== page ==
Sen. John Cornyn of Texas is unhappy with the Houston Chronicle, and it’s not hard to see why. He was slammed in a news story, followed by a column, followed by an editorial, on the grounds that he said he was happy with Texas’s health-care environment even though the state has a relatively large number of uninsured people. Cornyn’s telling of the story, if accurate, is grounds for a legitimate beef — and also an example of how bad journalism spreads in a viral fashion.
The story was headlined: “Senator says state is a model for nation, despite having so many without insurance.” But Cornyn says that he did not speak about health-insurance coverage at all; rather, he gave a talk in which he mentioned Texas’s efforts to reduce doctors’ liability-insurance premiums, especially the state’s fruitful program of tort reform.The senator was holding up Texas’s tort-reform project as a model for the nation. Afterward, he was asked by a Chronicle reporter about the number of uninsured in Texas; Cornyn says he agreed that the state has too many uninsured and then outlined a few of the things he’s done to try to help improve access to health-care services for them.
managing editor for news deputy managing editor for news George Haj did not return my call seeking comment for this post, so I don’t have the paper’s side. I’ll update if the paper offers any explanation, but it looks like a classic case of a reporting applying a quote to something other than what the speaker was talking about. This happens; reporters, especially those suffering from a desire to be political activists, become fixated on an issue and sometimes forget that the people they are covering talk about other issues, too. Health insurance is not the same thing as access to health-care, much less is it the same thing as tort reform. It looks like the Chronicle just got this one wrong.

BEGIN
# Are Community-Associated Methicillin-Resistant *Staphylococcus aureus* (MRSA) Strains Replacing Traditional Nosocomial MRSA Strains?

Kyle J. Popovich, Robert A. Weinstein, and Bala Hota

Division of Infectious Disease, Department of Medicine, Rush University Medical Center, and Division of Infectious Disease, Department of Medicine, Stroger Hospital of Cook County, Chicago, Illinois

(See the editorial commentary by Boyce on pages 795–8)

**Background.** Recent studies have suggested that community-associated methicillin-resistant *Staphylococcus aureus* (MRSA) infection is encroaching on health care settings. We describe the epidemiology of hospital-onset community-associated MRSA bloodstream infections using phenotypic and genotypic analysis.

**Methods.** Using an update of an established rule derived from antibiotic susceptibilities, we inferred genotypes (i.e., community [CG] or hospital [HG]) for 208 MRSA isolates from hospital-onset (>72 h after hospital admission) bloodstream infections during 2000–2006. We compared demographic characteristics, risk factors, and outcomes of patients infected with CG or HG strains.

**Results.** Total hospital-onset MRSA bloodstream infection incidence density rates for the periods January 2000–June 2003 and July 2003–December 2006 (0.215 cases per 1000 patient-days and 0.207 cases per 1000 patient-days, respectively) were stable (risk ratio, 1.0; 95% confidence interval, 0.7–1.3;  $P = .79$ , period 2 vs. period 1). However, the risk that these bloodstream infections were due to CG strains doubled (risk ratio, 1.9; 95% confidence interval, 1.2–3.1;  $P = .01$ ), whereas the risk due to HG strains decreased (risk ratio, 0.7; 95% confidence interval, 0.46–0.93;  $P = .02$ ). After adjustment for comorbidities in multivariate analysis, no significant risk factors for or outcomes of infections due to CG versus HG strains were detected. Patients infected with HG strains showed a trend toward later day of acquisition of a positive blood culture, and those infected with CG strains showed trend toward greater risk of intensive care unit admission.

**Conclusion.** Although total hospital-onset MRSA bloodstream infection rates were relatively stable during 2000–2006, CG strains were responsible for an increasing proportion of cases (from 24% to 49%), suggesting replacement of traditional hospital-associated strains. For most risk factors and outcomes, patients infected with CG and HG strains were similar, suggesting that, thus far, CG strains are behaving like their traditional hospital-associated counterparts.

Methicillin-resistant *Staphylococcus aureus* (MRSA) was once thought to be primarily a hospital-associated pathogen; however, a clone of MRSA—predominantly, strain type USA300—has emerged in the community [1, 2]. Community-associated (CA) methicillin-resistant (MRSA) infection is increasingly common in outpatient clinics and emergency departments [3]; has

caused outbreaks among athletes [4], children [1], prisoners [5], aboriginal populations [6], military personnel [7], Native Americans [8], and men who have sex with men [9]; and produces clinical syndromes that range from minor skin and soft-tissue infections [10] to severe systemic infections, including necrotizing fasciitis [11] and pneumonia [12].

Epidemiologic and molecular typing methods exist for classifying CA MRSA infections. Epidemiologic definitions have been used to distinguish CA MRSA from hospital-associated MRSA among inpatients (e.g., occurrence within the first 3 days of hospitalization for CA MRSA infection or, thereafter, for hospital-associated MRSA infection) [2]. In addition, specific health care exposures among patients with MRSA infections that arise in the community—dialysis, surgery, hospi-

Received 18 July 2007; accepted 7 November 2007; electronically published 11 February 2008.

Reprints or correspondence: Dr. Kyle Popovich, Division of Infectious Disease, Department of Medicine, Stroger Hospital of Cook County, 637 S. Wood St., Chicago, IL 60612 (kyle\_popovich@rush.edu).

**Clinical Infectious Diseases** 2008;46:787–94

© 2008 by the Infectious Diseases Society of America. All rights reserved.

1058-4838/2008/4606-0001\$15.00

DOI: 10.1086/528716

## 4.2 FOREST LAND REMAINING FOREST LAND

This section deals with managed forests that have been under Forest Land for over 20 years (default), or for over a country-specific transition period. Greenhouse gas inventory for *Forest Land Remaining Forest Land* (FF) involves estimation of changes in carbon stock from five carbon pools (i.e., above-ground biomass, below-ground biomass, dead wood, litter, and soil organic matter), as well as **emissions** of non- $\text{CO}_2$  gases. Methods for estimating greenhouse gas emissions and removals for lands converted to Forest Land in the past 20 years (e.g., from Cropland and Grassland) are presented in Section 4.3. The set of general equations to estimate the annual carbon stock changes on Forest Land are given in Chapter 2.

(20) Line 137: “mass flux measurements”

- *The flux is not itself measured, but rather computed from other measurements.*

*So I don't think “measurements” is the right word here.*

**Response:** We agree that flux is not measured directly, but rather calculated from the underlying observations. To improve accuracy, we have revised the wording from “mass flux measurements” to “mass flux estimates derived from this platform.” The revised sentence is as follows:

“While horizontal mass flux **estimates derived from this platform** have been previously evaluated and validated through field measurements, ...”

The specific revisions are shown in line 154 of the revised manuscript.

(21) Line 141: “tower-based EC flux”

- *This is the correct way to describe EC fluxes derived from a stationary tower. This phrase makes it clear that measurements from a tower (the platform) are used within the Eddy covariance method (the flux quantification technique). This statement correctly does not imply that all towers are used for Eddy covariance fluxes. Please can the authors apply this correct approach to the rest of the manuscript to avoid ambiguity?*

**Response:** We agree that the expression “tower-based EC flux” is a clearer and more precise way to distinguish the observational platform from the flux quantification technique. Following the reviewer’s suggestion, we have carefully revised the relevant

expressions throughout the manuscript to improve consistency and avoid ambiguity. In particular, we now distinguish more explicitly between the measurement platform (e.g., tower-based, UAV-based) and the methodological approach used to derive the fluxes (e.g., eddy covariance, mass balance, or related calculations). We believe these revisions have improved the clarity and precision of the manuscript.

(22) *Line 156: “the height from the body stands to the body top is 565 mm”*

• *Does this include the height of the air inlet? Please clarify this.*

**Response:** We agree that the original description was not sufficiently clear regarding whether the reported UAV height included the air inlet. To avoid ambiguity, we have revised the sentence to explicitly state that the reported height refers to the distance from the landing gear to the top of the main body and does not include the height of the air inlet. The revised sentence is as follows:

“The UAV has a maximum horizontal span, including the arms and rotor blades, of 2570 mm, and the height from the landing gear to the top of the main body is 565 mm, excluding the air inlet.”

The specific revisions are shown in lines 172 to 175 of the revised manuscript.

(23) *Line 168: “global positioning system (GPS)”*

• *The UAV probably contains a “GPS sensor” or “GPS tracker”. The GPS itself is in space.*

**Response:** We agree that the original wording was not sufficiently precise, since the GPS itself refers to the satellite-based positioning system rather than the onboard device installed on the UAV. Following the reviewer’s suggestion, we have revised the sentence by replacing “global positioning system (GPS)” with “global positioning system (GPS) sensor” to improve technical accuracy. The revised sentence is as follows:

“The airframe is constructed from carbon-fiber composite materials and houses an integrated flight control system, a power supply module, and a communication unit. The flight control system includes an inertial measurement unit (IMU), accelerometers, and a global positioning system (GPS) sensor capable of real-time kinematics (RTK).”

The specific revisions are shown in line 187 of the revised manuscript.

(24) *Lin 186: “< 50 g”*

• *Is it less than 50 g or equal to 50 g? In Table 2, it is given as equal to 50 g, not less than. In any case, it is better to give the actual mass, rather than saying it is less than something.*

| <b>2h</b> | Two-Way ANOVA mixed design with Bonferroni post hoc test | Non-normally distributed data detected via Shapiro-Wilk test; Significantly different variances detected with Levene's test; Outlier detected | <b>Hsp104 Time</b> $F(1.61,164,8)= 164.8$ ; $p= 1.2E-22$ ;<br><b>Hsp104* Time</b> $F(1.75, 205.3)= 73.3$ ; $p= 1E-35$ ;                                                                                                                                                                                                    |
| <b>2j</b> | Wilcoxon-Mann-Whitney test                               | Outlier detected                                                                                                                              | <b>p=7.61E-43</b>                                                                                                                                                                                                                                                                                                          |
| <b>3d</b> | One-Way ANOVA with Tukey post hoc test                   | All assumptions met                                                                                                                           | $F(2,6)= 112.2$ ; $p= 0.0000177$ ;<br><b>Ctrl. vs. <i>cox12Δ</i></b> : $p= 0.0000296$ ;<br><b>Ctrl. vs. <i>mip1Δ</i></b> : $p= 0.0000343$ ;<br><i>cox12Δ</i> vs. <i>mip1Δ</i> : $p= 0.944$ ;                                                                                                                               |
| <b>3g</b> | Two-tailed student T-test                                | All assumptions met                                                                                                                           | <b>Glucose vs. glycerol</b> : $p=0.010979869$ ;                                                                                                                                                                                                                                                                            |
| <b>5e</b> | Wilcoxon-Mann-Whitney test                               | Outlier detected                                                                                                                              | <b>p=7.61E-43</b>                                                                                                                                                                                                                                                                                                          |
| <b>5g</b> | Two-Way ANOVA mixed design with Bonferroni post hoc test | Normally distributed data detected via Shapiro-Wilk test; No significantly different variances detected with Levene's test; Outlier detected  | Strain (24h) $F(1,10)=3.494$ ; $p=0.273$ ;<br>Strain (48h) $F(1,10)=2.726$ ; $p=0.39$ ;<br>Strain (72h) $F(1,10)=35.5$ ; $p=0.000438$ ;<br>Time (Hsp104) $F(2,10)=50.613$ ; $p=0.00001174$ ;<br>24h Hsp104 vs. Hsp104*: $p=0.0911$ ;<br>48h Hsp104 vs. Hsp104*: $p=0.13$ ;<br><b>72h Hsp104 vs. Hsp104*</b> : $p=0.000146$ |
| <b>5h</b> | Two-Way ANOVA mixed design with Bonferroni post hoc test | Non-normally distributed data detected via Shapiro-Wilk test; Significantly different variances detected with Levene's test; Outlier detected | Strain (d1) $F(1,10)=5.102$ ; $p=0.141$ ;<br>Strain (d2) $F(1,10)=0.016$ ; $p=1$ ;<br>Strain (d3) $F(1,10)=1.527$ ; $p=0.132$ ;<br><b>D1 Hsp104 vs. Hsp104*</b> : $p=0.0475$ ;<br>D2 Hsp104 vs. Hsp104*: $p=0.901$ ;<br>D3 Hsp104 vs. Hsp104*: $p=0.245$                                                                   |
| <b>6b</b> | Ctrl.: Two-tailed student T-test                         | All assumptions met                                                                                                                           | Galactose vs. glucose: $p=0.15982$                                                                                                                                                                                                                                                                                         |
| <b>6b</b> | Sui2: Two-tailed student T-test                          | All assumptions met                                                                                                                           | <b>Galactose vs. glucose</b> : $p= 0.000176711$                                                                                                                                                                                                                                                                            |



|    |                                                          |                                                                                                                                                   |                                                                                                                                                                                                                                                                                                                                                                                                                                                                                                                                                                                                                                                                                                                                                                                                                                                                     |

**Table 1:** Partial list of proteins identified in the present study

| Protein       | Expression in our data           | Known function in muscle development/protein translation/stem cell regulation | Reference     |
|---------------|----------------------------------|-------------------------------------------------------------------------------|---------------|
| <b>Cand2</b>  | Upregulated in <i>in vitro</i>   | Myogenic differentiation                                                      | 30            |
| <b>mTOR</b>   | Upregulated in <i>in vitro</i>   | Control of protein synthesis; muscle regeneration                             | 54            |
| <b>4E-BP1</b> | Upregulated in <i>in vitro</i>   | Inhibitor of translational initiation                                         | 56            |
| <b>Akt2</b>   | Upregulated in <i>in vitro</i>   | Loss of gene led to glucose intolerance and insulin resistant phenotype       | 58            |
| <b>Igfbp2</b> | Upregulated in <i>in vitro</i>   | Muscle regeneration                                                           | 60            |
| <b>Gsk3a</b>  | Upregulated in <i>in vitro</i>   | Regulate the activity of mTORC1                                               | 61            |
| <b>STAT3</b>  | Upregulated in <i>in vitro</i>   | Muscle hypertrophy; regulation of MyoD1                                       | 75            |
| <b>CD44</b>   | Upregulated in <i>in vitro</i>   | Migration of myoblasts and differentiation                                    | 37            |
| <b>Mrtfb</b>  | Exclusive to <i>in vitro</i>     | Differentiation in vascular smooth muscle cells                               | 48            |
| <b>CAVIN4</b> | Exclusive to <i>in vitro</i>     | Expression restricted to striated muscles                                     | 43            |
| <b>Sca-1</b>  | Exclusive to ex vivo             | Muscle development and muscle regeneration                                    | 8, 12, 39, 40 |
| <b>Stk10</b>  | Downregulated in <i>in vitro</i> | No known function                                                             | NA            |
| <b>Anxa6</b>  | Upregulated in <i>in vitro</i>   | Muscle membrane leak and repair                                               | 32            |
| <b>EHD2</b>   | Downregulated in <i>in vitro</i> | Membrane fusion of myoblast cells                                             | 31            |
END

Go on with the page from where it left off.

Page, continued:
Inaccurate news coverage is bad enough, but Cornyn then found himself being verbally smacked around in an opinion column in the same newspaper. The columnist, who Cornyn says never talked to him about the subject, based his opinion piece on the apparently flawed news article. And then the Chronicle published an editorial on the same subject, based on the same news reporting, again without seeking comment or perspective from the senator. This is a particularly egregious abuse in this case, because the opinion columns weren’t abstract policy pieces but personal attacks on Cornyn. One was addressed to him personally (““Senator, Listen to Those Without Health Care”) and another in the headline accused him of being “Out of Touch.” These pieces are about Cornyn, not about health policy. And both were based on what seems to be an erroneous news report in the same publication.
Cornyn says he asked for an opportunity to respond and was refused by the Chronicle. If the paper actually got it wrong in the way Cornyn says they did, they owe him an apology and a correction — or, at the very least, a chance to respond.
Unfortunately, if the subject comes up again, another sloppy reporter will Google the controversy and come up with three different citations for the same version of events — a version that probably isn’t accurate. In Google era, bad journalism lives forever.
UPDATE: I left the “deputy” off of Haj’s job title, giving him a promotion.